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This story is courtesy of the Better Government Association:
Many municipalities allow firefighters and paramedics to work with a substantial amount of alcohol in their systems – a dangerous mix that puts public-safety employees, and the public, at risk.
Having a few cool drafts before battling a searing "back draft" is allowed in some Chicago-area fire departments.
A Better Government Association/NBC 5 analysis found nearly 20 firefighting agencies have language in their union contracts allowing firefighters and paramedics to start shifts with alcohol in their bloodstream. The amount in some cases is just below 0.08, the state's legal definition of "drunk" when it comes to drivers.
This sobering discovery follows another BGA investigation that found numerous police departments in the region have the same lax attitude toward liquor.
Some communities, including northwest suburban Arlington Heights, allow their fire employees to come to work with a blood-alcohol content of just below 0.02. Others, including Chicago, allow just below 0.04. Oak Park and the Orland Fire Protection District – on paper at least – allow up to 0.079, although officials at both agencies insist they maintain a "zero tolerance" policy.
That’s disputed by some union and fire officials, who contend the 0.079 is the law of their land.
Schaumburg and Palatine both have 0.00 policies, officials said.
Illinois law prohibits driving with a blood-alcohol level of 0.08 or above. Motorists found at or above 0.08 can be charged with a crime and have driving privileges revoked.
Experts consulted for this latest story said allowing public-safety workers to have any amount of booze in their system during work hours is ridiculous and dangerous.
"We have the safety and well-being of others in our hands," said Jack Snook, a former Portland-area fire chief who now runs an Oregon-based consulting firm called Emergency Services Consulting International, which helps fire departments with good management practices. "It’s just common sense we don’t want to have impaired judgment."
Alan Brunacini, a former fire chief in Phoenix, Ariz., who now does fire department consulting, was more blunt.
"That’s the stupidest thing I ever heard," Brunacini said when told that some Chicago-area departments allow their employees to come to work with alcohol in their system. "It seems to me that this is just a no-brainer."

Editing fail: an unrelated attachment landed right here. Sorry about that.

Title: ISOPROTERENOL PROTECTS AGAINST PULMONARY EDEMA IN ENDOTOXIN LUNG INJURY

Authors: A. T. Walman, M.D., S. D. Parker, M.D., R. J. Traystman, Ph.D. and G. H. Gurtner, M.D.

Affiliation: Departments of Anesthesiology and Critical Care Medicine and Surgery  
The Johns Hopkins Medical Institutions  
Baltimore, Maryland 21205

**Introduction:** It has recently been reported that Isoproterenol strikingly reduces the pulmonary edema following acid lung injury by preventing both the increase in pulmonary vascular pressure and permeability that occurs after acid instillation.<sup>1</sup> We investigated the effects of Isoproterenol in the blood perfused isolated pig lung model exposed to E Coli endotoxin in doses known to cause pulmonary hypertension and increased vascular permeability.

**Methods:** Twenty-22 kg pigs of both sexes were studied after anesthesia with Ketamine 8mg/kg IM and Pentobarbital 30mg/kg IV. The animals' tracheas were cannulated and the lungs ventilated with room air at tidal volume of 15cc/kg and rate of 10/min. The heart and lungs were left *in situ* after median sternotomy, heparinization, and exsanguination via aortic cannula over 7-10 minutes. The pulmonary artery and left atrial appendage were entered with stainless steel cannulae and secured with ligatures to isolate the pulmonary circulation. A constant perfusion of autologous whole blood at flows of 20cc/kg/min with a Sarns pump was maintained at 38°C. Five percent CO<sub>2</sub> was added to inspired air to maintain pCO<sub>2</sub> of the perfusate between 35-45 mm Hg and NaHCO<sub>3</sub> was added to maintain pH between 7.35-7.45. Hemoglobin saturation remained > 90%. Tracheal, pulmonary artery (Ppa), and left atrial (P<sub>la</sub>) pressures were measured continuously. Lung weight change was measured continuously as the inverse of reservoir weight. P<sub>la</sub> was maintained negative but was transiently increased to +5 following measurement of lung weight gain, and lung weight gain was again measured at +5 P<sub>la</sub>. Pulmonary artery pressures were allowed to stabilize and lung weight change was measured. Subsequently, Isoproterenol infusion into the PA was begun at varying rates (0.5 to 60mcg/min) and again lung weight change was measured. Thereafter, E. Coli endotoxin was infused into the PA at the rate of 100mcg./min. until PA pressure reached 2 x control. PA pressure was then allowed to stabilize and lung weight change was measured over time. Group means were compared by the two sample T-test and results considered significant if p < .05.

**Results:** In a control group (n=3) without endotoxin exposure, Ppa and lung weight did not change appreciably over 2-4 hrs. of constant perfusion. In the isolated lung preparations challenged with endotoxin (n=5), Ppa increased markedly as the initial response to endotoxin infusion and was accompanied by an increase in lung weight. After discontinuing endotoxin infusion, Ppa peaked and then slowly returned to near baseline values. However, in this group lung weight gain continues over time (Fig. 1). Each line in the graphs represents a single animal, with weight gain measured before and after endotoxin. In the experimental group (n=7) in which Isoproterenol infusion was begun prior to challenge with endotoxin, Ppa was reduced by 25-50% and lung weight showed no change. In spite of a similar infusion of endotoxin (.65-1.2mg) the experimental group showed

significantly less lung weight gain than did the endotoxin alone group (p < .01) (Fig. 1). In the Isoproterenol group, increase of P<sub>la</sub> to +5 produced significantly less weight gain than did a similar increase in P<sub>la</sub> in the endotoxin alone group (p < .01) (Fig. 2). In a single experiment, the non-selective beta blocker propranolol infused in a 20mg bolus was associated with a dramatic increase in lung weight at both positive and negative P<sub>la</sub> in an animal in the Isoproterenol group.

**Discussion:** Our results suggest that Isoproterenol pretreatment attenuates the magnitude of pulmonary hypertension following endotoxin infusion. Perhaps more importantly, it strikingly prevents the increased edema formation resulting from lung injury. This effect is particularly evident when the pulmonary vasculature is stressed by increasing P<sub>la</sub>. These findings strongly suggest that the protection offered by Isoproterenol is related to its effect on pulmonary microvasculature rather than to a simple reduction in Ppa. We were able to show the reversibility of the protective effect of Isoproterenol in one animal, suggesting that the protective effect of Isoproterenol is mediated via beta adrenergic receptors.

The average 200-pound person hits 0.08 after consuming five alcoholic drinks (each drink generally equates to a shot of hard liquor, three ounces of wine or 12 ounces of beer) in a single hour, according to the Illinois State Police and other sources. Drinking an additional beverage each hour maintains that level.
Medical experts say impairment can begin after one drink, gradually impacting judgment, vision and coordination.
Officials in municipalities with union contracts that allow firefighters to show up with alcohol in their system told the BGA they’d send people home, or give them desk duty, if they showed up with any whiff of booze.
But that begs the question of why those communities allow union contracts to have such permissive language at all.
John Swan, president of the Illinois Firefighter’s Association and chief of the Colona, Ill., fire department near the Quad Cities, said he supports zero tolerance but wonders what would happen if short-staffed departments need help from off-duty personnel who might have been home sipping a beer.
"There’s no clean answer," said Swan, whose trade group represents the interests of firefighters across the state. "We support zero tolerance but those [off-duty] firefighters and police that get called in on emergency times [might have some alcohol in their system.]"
Pat Devaney, president of the Associated Fire Fighters of Illinois, a union, was asked why the alcohol-permissive language was in fire contracts.
"What you’ll often find is that [the] language has been in place for many many years," said Devaney, also a firefighter in Champaign. "It’s likely that these articles were boilerplate language."
The BGA did not find any recent instances of mistakes or injuries caused by or otherwise involving an impaired firefighter or paramedic.
Either way, following a previous BGA/NBC report about cops being allowed to work with alcohol in their system, Illinois Secretary of State Jesse White announced plans to introduce legislation that would impose a zero tolerance policy on police and possibly other first responders.
This story was written and reported by the Better Government Association’s Patrick Rehkamp. To contact him, email firstname.lastname@example.org or call (312) 386-9201. Rehkamp’s Twitter handle is @patrickrehkamp.
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